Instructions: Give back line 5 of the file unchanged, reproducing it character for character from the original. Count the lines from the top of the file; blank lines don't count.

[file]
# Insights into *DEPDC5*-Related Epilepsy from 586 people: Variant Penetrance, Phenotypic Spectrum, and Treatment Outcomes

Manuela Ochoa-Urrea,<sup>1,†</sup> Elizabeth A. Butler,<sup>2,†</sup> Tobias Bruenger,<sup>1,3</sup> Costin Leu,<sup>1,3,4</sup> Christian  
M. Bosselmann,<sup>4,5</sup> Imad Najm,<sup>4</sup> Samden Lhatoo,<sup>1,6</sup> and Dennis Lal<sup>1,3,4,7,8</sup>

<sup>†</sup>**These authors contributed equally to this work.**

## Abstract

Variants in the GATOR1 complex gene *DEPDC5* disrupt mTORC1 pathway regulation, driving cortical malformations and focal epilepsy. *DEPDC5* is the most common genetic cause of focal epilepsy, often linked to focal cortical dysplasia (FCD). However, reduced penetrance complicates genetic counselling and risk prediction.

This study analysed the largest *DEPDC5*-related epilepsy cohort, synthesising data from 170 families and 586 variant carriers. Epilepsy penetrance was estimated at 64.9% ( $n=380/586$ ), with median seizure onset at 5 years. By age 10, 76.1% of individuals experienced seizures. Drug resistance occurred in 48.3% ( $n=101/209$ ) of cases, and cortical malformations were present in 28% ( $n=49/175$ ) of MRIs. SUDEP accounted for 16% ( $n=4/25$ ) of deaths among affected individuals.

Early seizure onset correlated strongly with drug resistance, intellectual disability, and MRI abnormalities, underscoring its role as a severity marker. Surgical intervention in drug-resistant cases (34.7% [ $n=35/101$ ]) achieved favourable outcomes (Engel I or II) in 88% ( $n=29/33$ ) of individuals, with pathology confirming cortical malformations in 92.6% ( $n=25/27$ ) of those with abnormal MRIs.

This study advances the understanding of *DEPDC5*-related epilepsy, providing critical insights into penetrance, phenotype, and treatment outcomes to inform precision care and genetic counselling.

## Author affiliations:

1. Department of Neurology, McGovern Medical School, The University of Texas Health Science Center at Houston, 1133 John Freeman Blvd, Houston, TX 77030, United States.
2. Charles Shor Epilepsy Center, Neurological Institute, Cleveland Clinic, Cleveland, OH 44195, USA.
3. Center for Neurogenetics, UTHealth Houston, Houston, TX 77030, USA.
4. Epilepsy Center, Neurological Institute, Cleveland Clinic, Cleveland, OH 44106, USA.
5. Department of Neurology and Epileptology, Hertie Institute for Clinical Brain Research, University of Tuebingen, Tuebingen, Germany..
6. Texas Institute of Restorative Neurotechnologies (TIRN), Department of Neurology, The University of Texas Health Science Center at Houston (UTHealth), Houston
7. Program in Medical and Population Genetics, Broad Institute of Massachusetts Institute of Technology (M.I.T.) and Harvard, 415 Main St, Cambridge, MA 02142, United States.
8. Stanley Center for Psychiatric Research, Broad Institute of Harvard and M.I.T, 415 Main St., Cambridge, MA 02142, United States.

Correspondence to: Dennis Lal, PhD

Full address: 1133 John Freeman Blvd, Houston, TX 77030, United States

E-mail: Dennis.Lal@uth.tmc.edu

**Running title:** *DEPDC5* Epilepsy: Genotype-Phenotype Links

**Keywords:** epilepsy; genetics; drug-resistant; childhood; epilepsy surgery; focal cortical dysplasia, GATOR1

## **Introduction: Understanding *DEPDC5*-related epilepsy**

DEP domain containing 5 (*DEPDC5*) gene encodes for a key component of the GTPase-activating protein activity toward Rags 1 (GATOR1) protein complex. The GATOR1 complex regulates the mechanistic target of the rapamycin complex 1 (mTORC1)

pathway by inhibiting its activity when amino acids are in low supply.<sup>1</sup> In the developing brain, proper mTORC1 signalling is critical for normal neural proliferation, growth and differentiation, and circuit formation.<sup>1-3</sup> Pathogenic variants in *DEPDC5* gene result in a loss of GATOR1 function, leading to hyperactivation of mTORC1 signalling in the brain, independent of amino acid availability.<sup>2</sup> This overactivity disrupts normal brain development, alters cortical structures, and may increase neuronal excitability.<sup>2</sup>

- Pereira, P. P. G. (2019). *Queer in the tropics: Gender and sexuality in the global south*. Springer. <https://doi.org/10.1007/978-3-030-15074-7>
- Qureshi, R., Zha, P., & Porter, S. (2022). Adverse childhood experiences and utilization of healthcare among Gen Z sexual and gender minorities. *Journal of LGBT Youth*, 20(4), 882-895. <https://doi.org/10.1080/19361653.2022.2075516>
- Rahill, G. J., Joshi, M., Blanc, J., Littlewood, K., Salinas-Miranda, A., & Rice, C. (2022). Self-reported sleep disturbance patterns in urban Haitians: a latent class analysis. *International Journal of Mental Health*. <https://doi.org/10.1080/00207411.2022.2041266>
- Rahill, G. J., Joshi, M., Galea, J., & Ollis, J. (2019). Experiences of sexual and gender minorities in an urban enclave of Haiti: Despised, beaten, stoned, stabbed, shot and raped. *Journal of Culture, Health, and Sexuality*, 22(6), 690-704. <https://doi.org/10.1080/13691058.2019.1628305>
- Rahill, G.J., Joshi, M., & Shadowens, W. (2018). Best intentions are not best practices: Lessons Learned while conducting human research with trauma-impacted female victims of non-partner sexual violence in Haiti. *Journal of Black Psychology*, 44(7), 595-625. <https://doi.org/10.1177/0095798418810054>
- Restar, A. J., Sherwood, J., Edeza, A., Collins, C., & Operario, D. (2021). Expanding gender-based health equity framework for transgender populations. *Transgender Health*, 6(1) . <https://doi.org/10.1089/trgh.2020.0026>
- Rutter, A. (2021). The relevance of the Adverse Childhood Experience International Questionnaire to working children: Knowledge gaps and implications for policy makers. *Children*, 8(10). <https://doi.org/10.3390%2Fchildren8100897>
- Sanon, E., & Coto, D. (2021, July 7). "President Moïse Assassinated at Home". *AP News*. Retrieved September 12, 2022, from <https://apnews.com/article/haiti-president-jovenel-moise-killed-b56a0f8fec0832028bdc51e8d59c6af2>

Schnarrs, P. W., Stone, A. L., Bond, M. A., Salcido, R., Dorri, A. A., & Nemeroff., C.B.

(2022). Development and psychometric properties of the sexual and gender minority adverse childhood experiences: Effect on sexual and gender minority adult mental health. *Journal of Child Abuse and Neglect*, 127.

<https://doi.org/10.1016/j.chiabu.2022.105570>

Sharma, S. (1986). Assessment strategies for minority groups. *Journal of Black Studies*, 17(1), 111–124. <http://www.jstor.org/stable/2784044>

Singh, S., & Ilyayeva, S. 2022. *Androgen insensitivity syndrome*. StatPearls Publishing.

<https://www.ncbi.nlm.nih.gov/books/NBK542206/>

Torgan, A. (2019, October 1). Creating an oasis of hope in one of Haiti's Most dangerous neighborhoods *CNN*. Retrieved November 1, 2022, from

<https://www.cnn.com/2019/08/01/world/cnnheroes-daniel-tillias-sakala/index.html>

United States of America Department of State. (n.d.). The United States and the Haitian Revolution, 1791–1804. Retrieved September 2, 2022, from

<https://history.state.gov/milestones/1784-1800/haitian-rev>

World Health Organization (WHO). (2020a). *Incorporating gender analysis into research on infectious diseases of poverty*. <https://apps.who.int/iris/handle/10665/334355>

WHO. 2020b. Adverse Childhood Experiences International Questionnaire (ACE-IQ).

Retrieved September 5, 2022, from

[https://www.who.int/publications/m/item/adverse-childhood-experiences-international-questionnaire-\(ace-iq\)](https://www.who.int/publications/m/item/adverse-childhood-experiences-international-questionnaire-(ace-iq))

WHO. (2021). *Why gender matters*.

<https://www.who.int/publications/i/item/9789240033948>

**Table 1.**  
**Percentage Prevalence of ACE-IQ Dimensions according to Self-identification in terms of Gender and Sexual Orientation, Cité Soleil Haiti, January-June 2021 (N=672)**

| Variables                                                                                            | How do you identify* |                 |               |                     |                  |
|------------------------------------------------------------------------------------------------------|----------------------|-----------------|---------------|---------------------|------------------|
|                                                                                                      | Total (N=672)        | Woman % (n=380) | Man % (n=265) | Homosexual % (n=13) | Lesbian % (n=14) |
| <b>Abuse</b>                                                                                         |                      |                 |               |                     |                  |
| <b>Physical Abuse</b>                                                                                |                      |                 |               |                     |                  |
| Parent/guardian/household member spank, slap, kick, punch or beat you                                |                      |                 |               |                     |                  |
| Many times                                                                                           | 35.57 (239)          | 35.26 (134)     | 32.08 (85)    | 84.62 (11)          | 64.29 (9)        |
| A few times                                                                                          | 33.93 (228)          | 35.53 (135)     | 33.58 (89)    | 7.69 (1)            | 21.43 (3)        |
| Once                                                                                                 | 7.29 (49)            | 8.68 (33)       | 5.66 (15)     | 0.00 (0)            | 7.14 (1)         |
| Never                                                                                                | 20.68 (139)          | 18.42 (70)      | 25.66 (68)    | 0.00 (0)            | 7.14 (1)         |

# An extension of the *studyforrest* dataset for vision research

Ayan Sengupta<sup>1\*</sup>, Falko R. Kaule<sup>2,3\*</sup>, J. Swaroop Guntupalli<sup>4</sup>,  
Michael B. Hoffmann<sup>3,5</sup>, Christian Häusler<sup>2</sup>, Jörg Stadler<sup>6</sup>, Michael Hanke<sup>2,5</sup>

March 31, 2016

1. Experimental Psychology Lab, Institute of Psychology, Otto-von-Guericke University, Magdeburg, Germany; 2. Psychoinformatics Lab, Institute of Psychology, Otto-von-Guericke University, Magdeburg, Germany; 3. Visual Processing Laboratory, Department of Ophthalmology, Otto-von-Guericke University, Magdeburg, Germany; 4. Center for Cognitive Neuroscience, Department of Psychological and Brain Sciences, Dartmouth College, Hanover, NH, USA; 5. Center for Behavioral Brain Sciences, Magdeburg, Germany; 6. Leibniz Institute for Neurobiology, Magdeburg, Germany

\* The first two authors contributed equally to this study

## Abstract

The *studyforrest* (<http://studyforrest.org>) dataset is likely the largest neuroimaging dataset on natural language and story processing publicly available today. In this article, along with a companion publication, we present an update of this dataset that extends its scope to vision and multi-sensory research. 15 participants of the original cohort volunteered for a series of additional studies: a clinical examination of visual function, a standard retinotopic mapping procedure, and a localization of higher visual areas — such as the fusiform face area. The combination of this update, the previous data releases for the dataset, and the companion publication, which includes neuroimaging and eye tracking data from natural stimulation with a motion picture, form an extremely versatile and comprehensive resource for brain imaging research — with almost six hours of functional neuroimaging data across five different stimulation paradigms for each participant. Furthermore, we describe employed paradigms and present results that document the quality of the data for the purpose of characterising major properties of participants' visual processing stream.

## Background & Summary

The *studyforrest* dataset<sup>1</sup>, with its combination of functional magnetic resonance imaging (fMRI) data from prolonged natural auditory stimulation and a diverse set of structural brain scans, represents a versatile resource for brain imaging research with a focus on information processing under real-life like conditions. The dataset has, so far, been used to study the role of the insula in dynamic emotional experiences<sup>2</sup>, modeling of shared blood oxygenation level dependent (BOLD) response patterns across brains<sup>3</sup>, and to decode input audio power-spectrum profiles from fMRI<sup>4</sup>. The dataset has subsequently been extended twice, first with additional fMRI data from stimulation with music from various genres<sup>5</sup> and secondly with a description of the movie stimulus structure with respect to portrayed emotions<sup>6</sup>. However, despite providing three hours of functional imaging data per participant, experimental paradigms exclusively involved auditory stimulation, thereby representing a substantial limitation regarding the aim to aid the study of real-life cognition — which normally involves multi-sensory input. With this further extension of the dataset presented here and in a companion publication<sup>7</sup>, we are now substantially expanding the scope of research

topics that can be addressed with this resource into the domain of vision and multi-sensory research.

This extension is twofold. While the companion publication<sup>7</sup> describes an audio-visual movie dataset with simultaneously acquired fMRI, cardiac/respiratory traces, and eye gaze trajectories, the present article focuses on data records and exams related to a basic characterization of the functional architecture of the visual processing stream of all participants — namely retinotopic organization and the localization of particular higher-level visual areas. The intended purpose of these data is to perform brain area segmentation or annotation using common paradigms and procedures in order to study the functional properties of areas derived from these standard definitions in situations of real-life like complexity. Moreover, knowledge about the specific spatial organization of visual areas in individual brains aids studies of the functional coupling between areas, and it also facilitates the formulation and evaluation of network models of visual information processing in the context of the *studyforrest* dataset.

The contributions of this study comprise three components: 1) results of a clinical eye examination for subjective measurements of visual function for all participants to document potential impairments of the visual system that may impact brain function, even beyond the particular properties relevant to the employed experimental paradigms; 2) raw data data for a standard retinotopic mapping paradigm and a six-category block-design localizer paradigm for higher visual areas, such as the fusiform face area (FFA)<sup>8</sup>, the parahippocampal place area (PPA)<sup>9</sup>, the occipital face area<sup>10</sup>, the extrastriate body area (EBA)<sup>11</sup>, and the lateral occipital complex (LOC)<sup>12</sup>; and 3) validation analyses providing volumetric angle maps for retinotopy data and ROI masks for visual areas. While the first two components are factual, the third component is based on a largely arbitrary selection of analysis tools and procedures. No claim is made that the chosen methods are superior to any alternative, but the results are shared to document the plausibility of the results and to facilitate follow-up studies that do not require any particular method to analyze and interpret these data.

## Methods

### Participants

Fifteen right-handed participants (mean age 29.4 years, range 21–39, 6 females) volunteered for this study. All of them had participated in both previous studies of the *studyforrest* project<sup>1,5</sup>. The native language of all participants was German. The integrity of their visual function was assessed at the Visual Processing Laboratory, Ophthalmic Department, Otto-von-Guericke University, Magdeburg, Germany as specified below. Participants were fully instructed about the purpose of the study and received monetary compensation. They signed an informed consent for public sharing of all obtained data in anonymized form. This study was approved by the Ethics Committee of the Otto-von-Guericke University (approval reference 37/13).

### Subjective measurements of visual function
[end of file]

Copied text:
## Abstract